The 24-hour rule: You have a full day to correct mistakes

Passengers can change tickets and correct errors within 24 hours of purchase 

24-hour ruleIn 2012, the Department of Transportation (DOT) promulgated the 24-hour rule. This regulation requires airlines to provide travelers booking flights 24 hours to cancel their trip or correct errors in the booking of any kind of ticket without any charge or fee from airlines. The only exemption was for tickets purchased within a week of travel.

This 24-hour rule has been on the books for about six years, but many consumers still do not know about it. Those travelers who do not know of the rule often have to pay change fees of $200 for domestic travel moments after they push “buy” on airline websites when they purchase tickets. When they purchase international tickets, the amount of money that can be charged for changes to and/or cancellation of airline tickets by airlines starts at $300 and goes up depending on the type of ticket purchased. The 24-hour rule provides travelers a window of time within which they can ensure that their tickets are to correct destinations and have names spelled properly.

5 Ways to Avoid Flight Delays DownloadToday, all airlines allow the cancellation of reservations within 24 hours of completion, as required by the 24-hour rule. If there was an error with the name of the passenger, the airline ticket must in most cases be canceled and be repurchased. That may mean that flash airfare sales may no longer be available if a name correction is requested. However, in most cases, consumers have a window of opportunity to correct errors. In most cases, even nonrefundable airline tickets may be refunded within the 24-hour window by airlines if the flight is booked prior to a week from travel.

The basic 24-hour rule means that passengers should carefully examine any airline ticket they purchase within this 24-hour window. If there is a mistake, contact the airline that issued the ticket or your travel agent immediately and notify them of the error in either destination or with an improperly spelled name.

YOUR RIGHTS: How DOT’s Full Fare Advertising Rule helps passengers save money

Make sure the destination is correct. Many passengers make mistakes by booking to the wrong city airport. This might happen in Chicago, where flights take off and land at either Midway or O’Hare. In New York, there are not only JFK, LaGuardia, and Newark, but also MacArthur and White Plains added to the mix. And, in the DC area, choices are Reagan National Airport, Baltimore Washington Airport, or Dulles. Making a mistake in airports can mean major hassles with connecting flights that may be impossible to rectify. The 24-hour rule allows a no-charge correction.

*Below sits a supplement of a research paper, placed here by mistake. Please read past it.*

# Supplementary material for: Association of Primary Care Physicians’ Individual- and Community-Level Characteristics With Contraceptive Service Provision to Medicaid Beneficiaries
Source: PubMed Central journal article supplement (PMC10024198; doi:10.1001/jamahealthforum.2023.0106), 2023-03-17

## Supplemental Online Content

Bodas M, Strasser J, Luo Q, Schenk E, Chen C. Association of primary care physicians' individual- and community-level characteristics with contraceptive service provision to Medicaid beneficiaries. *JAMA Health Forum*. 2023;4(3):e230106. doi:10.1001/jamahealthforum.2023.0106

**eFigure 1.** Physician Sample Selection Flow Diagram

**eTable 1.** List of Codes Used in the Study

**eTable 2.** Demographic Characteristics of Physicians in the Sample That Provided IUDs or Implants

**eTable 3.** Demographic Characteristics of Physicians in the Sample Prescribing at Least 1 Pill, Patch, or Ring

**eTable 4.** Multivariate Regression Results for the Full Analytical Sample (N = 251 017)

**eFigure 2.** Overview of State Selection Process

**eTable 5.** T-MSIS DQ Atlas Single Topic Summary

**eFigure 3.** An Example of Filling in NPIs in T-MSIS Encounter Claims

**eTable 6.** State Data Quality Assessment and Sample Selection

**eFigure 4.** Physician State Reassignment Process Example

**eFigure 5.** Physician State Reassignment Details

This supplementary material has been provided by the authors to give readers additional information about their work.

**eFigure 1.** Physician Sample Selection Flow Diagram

Make sure the name is correct and spelled correctly. This is perhaps the most frequent mistake made by passengers that requires the 24-hour rule. In the day of TSA screening against terrorist watch lists and security checkpoints, an improperly spelled name can become a problem.

Here is the introduction to the 24-hour rule published by DOT:

The 24-hour reservation requirement is mandated by the Department of Transportation’s consumer rule “Enhancing Airline Passenger Protections” (14 CFR 259.5(b)(4), 76 Fed. Reg. 23110, 23166, Apr. 25, 2011) and applies to all reservations made seven days or more prior to the flight’s scheduled departure time. To comply with the regulation, carriers may not deceive consumers about the 24-hour reservation requirement when consumers inquire about cancelling or changing a reservation within 24 hours of making or paying for that reservation. This guidance also clarifies that the Department’s Office of Aviation Enforcement and Proceedings (Enforcement Office) considers the failure to notify such consumers of the 24-hour reservation requirement to be unfair and deceptive in violation of 49 U.S.C. § 41712. It also considers the failure to offer a passenger a full refund in the original form of payment in the event of a cancellation request covered by the 24-hour reservation requirement to be an unfair and deceptive practice.

Click here to subscribeThis 24-hour rule did not go over well with airlines. It was challenged in the court system as an overextension of DOT’s authority. The airline complainants lost their case. Their subsequent request to the US Supreme Court to change the regulation was also rebuffed by the highest court in the land when it refused to hear the case.

READ ALSO: Small claims court and the airline passenger

Remember: According to the 24-hour rule, passengers have 24 hours to examine their airline tickets and cancel the flight with full reimbursement, or make changes to their tickets without charge. This is another case where Travelers United was instrumental in working with DOT to put this rule into effect for American airline passengers.